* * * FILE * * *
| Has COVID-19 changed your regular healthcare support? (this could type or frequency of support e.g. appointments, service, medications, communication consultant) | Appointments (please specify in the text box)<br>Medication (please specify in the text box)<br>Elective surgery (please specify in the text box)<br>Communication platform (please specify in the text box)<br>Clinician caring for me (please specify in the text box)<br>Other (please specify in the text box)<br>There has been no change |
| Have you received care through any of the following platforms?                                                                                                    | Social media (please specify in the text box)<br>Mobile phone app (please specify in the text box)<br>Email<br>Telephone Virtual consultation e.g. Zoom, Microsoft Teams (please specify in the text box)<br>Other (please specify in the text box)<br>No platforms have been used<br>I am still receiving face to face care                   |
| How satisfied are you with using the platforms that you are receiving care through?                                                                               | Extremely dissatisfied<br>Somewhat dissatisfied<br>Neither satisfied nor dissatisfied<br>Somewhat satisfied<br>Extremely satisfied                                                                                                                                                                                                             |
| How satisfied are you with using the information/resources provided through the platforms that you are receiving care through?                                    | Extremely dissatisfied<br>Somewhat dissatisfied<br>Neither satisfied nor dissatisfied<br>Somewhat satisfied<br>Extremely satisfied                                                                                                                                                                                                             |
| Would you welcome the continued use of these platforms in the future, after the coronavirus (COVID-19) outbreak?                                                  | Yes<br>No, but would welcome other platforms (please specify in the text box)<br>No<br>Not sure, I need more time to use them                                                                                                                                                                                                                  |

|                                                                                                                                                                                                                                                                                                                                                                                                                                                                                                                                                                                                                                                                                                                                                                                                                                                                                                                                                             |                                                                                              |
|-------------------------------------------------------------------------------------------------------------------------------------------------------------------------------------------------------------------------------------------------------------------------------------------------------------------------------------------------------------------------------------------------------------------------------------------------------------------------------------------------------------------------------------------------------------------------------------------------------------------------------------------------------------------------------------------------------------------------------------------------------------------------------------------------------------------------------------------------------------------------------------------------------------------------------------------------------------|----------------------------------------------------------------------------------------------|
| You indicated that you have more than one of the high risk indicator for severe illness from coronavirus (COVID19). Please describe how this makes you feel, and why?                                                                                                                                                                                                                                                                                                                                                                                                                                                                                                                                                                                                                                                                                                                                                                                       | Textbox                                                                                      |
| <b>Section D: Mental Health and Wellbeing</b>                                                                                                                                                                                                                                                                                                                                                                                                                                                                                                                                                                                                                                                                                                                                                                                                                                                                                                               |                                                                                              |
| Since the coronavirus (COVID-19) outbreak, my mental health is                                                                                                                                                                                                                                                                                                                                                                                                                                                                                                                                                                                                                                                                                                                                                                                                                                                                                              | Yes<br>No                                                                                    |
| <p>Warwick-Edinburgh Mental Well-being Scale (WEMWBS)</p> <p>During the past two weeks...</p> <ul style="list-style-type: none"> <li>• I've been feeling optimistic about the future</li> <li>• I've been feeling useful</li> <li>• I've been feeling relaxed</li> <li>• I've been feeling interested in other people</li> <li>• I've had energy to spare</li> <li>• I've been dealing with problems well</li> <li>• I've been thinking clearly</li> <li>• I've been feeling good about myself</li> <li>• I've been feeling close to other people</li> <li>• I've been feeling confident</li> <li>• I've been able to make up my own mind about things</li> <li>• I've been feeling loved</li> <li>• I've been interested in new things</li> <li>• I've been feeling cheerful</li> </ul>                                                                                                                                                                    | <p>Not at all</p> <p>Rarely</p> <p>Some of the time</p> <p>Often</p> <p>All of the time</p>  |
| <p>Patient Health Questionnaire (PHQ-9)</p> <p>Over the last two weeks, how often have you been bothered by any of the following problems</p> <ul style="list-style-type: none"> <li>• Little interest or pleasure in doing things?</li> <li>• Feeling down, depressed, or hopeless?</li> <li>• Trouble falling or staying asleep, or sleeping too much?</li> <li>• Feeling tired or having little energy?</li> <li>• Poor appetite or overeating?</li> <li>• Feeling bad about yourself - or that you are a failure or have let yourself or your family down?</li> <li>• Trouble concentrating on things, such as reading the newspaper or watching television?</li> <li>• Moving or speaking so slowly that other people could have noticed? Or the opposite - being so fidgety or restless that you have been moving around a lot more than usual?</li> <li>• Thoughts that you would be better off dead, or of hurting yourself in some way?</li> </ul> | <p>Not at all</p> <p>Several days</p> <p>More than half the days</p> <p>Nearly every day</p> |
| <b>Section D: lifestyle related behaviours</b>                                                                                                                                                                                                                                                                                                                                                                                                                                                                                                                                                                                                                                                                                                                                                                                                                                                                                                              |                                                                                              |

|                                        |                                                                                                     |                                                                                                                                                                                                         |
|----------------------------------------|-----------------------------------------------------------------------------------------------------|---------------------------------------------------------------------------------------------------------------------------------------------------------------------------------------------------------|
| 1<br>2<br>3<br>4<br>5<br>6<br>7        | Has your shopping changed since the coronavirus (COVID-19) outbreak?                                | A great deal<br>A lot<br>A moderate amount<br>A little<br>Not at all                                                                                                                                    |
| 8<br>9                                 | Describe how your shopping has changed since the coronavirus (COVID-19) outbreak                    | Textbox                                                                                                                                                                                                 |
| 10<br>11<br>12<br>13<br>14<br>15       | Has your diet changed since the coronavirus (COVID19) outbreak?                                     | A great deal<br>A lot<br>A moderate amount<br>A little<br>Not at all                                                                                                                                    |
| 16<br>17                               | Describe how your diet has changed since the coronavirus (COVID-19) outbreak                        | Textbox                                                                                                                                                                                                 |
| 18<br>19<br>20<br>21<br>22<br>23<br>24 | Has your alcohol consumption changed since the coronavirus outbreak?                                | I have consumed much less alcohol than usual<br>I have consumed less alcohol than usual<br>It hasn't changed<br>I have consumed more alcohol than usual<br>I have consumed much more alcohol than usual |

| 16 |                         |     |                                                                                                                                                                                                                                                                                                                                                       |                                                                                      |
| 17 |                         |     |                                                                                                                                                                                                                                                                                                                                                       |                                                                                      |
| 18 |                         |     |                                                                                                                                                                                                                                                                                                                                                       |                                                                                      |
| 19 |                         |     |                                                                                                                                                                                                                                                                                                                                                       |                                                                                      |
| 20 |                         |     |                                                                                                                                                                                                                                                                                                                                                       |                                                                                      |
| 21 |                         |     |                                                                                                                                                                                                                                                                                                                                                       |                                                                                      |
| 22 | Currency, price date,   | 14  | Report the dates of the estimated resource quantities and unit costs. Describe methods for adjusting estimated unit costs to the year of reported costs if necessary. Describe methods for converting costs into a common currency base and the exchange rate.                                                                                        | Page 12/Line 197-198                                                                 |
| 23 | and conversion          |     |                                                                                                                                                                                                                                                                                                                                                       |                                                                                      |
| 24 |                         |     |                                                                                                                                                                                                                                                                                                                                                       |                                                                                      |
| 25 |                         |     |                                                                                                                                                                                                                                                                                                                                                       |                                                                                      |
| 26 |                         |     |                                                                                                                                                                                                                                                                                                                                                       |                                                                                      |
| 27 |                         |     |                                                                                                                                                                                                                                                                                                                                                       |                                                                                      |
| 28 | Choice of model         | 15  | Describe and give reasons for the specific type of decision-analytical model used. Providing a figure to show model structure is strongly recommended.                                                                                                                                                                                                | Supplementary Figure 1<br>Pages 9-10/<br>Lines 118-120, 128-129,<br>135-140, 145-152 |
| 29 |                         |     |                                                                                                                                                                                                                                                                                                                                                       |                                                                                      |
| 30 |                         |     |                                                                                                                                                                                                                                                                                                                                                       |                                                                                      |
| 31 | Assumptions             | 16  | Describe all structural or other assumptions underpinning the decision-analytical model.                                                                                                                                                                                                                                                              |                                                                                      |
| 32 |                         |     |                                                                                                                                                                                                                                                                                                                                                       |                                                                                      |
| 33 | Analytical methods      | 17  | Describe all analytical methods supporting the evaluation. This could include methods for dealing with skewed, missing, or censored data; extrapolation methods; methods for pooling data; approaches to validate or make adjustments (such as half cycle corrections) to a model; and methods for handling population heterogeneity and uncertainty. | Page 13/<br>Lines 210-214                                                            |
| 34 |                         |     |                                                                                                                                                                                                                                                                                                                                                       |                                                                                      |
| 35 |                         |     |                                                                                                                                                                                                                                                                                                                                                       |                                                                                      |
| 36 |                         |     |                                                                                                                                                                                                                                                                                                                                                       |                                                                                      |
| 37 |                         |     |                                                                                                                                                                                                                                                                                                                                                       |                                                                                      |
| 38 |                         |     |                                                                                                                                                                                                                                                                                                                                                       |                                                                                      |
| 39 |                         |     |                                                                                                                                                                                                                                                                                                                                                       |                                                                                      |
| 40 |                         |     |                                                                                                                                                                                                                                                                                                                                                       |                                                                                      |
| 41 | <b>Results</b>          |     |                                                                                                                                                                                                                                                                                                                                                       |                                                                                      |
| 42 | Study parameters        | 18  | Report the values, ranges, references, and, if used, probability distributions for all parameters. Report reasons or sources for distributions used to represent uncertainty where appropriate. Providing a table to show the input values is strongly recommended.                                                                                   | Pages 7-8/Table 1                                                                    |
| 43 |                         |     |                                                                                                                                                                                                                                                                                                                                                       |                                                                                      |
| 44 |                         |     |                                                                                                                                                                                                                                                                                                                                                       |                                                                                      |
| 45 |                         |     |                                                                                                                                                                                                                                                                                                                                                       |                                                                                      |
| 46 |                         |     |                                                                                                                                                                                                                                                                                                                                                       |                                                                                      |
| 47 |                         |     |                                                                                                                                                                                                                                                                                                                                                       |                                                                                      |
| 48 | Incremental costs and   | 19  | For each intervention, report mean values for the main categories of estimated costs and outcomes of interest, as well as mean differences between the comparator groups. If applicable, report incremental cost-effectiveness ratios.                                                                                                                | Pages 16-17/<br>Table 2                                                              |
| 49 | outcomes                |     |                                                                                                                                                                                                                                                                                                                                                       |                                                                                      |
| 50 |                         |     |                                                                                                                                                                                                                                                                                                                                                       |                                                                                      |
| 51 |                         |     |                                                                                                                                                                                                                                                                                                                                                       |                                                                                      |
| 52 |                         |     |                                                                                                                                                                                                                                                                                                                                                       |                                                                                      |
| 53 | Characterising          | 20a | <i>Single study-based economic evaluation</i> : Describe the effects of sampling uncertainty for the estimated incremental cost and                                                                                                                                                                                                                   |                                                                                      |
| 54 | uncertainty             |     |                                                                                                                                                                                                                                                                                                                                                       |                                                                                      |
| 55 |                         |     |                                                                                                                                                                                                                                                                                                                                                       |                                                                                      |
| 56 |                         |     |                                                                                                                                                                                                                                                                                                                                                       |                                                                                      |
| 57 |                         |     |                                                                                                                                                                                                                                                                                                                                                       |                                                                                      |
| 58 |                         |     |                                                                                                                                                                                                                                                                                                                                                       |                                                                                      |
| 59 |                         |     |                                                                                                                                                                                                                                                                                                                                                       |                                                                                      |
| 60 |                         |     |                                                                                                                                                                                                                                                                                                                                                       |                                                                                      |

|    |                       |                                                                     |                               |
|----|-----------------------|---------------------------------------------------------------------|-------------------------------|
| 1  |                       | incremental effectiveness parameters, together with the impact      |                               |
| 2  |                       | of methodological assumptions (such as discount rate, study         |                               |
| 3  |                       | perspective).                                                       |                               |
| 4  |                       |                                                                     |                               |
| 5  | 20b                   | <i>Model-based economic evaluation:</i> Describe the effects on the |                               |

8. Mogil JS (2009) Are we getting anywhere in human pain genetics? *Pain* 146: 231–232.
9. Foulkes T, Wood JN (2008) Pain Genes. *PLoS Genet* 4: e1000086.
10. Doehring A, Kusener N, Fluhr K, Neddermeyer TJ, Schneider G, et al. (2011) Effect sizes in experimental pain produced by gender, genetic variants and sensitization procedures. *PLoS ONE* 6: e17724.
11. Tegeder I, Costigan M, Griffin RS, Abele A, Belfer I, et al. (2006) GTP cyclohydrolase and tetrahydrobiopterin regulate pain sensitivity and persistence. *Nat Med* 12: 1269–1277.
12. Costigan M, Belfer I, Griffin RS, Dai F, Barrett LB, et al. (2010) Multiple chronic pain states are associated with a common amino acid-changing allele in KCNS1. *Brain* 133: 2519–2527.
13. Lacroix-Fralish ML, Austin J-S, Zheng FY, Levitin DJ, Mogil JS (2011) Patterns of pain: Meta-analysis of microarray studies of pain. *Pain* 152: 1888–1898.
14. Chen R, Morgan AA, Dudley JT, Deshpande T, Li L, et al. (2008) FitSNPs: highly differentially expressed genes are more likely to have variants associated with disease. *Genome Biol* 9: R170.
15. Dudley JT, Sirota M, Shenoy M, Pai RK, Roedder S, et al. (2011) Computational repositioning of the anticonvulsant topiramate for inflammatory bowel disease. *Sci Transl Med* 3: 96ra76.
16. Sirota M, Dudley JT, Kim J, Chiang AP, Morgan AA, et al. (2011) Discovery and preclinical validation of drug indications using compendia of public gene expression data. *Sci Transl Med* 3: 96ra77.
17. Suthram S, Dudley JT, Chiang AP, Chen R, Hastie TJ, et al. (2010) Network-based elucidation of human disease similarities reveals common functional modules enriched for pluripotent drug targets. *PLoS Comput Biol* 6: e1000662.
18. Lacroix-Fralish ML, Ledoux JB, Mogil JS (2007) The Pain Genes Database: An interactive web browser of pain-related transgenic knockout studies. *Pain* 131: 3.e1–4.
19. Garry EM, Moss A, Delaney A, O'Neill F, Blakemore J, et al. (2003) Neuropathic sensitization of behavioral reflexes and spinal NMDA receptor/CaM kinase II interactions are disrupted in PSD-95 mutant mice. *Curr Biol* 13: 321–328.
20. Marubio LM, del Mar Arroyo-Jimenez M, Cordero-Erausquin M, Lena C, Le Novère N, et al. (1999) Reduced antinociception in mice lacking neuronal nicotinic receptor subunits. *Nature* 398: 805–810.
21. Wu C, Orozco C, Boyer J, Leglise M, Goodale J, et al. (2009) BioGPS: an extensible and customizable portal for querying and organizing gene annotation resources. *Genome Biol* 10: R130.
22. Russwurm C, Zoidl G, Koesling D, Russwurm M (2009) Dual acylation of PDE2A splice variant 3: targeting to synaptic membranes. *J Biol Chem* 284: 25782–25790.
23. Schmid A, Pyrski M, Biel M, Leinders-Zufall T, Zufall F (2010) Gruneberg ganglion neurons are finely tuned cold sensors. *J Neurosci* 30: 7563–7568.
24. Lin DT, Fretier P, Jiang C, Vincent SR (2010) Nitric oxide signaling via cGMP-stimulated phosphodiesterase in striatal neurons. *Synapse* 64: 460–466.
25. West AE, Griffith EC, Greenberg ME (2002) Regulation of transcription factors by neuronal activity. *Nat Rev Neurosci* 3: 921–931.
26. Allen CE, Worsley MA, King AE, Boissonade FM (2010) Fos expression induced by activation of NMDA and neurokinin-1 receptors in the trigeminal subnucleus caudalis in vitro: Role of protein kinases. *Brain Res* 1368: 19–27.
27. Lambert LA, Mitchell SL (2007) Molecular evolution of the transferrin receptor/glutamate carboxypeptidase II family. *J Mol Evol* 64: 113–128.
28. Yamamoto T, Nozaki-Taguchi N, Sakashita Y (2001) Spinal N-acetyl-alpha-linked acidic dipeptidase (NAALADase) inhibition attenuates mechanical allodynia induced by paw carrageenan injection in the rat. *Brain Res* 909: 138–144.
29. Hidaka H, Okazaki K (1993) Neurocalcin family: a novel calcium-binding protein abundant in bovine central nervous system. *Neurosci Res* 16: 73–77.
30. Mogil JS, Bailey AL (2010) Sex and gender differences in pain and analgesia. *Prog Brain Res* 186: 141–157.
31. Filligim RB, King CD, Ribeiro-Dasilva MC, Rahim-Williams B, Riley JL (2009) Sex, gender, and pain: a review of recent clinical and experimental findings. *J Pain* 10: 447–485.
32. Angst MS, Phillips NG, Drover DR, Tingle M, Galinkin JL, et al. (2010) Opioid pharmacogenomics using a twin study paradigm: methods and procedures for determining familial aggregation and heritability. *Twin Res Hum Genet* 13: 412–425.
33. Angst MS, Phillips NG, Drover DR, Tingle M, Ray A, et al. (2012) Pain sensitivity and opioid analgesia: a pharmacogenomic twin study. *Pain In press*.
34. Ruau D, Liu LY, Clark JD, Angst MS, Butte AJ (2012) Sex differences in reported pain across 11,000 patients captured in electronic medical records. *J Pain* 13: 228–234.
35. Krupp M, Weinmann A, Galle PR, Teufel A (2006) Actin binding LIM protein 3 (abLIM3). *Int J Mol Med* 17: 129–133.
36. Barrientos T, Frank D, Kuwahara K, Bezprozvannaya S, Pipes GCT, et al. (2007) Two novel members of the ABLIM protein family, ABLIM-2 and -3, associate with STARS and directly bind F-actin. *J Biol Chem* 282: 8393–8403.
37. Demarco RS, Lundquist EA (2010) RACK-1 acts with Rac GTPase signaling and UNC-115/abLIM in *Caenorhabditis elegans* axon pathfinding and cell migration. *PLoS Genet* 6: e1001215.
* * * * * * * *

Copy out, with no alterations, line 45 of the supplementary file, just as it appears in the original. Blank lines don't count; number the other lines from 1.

| 40 |                         |     |                                                                                                                                                                                                                                                                                                                                                       |                                                                                      |